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Albert Einstein is reputed to have stated, "You cannot beat a roulette table unless you steal money from it." I agree. I play a lot of poker. I play poker for money. But I don't gamble. I consider poker a skill game, and in poker, the skill is in playing the odds. I'd consider sports betting a skill "game" as well. If you're informed enough, you can make educated bets in which the odds favor you. However, when you go to a casino to play any of their slot, video, or table games, the odds NEVER favor you.

And why should they? Look, you go risk money at a casino on the chance to win money, but the only way you can ever expect a positive monetary gain from a casino is if you're bad at math. In poker, it's called "pot odds." It's a ratio of how much it costs you to call the bet versus how much money is in the pot. If it costs you $10 to try winning a $100 pot, then you have 10-to-1 pot odds. The bettor has laid 10-to-1 pot odds for you to call.

How do you determine whether or not accepting this wager is profitable? Well, it's all in what you believe your chances of winning are. If you think you will win once in five times, then you should definitely call. It costs you $50 to accept the bet five times, and once in every five times you will win $100. The difference is +$50. This wager has a positive expected value (EV) of $50. The reason poker is a skill game is because the players are using their own money to lay the odds.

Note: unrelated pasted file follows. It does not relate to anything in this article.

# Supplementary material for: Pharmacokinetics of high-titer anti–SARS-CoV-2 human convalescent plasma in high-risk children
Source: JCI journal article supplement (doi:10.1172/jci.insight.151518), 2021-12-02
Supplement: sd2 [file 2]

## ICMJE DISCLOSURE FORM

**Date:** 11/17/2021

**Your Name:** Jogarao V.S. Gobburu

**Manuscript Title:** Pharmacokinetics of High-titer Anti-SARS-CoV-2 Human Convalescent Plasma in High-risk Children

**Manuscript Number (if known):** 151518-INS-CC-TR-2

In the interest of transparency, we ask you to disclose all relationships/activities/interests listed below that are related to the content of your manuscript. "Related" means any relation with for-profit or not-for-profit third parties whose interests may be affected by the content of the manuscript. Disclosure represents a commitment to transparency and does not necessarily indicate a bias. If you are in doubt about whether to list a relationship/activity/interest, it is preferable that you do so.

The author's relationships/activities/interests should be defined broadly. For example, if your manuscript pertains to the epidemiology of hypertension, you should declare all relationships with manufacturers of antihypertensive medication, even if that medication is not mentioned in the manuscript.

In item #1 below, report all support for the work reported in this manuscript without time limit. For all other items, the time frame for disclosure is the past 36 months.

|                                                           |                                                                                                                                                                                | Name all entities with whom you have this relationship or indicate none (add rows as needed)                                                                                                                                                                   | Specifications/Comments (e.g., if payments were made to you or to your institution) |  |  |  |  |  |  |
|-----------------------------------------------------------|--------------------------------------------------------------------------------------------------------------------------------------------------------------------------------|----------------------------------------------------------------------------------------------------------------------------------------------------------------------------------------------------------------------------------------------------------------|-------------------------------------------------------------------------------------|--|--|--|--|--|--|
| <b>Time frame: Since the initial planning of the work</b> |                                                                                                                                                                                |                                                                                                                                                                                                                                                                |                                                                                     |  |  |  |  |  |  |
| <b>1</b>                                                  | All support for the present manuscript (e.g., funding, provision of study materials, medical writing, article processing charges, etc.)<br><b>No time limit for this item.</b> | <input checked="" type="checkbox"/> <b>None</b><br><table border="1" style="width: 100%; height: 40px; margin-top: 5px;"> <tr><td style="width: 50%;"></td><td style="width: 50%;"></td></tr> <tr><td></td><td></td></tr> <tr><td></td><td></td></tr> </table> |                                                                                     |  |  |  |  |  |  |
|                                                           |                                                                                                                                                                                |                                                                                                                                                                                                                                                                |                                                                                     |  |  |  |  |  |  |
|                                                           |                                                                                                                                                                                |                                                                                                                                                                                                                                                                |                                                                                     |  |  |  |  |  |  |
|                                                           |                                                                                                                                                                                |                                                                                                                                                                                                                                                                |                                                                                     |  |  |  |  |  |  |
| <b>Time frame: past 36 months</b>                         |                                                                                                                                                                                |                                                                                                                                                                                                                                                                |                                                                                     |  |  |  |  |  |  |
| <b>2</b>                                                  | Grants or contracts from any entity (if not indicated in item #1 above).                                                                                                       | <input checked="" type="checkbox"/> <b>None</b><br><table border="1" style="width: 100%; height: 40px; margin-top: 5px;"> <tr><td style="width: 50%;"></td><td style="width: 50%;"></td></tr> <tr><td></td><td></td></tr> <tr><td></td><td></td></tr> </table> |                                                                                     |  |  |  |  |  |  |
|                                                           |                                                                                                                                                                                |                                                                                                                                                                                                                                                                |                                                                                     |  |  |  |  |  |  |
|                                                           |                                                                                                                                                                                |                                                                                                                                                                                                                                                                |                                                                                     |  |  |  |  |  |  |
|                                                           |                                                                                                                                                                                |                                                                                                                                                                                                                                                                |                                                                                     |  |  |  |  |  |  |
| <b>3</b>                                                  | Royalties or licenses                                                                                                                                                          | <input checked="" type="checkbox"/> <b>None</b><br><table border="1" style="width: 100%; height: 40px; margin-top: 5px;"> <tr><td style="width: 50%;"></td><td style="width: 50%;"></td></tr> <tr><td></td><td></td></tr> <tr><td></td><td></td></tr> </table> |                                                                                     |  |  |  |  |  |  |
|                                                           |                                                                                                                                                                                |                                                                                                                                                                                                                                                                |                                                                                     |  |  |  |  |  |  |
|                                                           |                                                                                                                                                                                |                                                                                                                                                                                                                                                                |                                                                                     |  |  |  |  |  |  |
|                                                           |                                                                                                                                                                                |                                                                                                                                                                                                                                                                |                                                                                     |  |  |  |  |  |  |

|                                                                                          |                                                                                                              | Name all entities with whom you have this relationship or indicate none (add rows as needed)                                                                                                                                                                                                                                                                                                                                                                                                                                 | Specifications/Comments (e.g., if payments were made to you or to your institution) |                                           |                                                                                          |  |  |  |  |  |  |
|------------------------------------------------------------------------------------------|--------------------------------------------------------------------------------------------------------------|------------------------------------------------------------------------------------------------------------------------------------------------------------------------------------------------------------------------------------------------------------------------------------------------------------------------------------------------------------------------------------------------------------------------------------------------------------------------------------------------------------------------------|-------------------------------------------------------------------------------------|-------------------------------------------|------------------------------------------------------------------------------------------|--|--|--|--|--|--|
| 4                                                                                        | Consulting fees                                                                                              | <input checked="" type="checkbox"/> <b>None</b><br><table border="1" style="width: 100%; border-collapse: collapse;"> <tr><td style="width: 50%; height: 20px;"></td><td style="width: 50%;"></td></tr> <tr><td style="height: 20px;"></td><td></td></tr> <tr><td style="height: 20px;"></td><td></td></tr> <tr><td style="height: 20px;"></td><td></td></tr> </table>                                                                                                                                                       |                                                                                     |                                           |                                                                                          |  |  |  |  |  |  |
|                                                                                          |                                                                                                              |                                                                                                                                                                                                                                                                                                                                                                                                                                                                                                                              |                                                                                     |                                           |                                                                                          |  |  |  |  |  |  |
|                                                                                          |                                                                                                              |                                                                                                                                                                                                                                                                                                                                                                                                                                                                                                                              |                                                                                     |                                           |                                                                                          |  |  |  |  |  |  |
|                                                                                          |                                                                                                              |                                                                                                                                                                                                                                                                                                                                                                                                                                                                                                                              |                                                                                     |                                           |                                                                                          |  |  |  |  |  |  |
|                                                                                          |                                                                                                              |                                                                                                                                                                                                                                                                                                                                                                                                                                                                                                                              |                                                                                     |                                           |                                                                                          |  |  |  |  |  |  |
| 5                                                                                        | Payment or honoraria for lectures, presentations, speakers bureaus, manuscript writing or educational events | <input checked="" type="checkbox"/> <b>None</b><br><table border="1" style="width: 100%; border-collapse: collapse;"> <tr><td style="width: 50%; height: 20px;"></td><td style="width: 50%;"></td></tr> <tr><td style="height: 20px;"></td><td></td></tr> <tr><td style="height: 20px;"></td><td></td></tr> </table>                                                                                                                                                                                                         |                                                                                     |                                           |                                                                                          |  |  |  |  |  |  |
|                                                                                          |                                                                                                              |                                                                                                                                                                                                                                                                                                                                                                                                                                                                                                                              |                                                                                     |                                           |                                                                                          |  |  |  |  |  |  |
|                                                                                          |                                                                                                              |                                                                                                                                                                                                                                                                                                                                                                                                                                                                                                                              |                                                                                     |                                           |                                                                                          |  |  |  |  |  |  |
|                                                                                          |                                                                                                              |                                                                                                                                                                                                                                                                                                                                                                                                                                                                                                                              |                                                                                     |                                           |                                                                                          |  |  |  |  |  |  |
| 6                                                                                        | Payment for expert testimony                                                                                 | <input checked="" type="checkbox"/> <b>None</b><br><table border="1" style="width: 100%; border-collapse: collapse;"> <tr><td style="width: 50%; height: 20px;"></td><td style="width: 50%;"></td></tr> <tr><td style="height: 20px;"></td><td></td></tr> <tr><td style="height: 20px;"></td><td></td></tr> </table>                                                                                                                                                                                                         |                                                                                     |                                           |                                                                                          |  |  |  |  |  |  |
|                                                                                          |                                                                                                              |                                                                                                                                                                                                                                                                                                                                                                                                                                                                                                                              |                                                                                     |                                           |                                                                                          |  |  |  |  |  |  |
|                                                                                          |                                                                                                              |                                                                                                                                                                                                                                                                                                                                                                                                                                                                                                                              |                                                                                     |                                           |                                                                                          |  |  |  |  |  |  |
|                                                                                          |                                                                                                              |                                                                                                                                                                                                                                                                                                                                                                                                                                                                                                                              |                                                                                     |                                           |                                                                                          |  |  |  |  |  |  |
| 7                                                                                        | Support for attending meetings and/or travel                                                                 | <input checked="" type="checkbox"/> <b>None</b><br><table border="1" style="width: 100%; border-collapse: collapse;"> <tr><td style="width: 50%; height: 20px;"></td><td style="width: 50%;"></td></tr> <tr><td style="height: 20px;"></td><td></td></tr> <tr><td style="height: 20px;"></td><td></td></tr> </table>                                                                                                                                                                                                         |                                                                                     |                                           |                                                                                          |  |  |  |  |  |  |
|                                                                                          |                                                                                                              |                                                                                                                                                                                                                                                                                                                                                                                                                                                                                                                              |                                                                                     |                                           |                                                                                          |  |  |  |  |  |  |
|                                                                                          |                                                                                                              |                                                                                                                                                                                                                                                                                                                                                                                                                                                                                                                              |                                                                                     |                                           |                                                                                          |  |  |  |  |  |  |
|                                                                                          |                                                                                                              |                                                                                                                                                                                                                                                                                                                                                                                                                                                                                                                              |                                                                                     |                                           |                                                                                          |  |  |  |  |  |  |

You find the situations in which you have a positive expected value, and this is when you get your money in, because although you may lose this bet, if you take this same bet numerous times over a long period of time, you will slowly see a profit. However, when you go to a casino to play a table game, the casino lays the odds with their money, and it's never in your favor. Let's take the game of roulette as an easy example. For those who do not know, roulette is the game with the wheel, composed of 38 (in America, 37 in Europe) numbered and colored slots.

The wheel is spun, and a ball is thrown around the wheel in the opposite direction, eventually landing in one of the slots. The number and color of the slot determines which bets are paid. The 38 slots include the green slots, 0 and 00, and number slots 1 through 36, half of which are red, the other half of which are green. To avoid making this too complicated, I'm going to break down two different bets, and explain why they have negative expected value for the bettor and a positive expected value for the house.

Don't be confused though--in roulette, there is NO bet that you can make with a positive expected value. The first bet I'll break down is the simplest type of bet you can make in roulette. It's called the "straight bet." This bet is when the chip is placed entirely on a single number. There are 38 numbers you can bet on, and 38 free slots fruit smoothie the ball on the wheel can land in. You therefore have a 1 in 38 chance (2.6%) of winning one of these bets.

Now, 2.6% seems like a very low chance to win, however, it is not small chance of winning that prevents this bet from being profitable. It's the house's payout for single-number bets. The house pays 35-to-1 on straight bets. The house lays you 35-to-1 on what amount you bet. If you bet $1 and win, the house pays $35. If you bet $1,000 and win, the house pays $35,000. Seems like a great pay off, right? Wrong.

You're actually losing almost 8% of your bet every time you make this bet--even if you win. Why? Suppose you make this bet 38 times, $1 at a time. After all, statistically speaking, you should win once in 38 times, right? So, $38 and 38 bets later, you've now invested $38 on your straight bet. Let's say you won once in those 38 times. Well, the house paid you $35, so you won, right? Wrong. You lost $3. Losing $3 in 38 bets is essentially the same as give the casino a dollar and getting back 92 cents.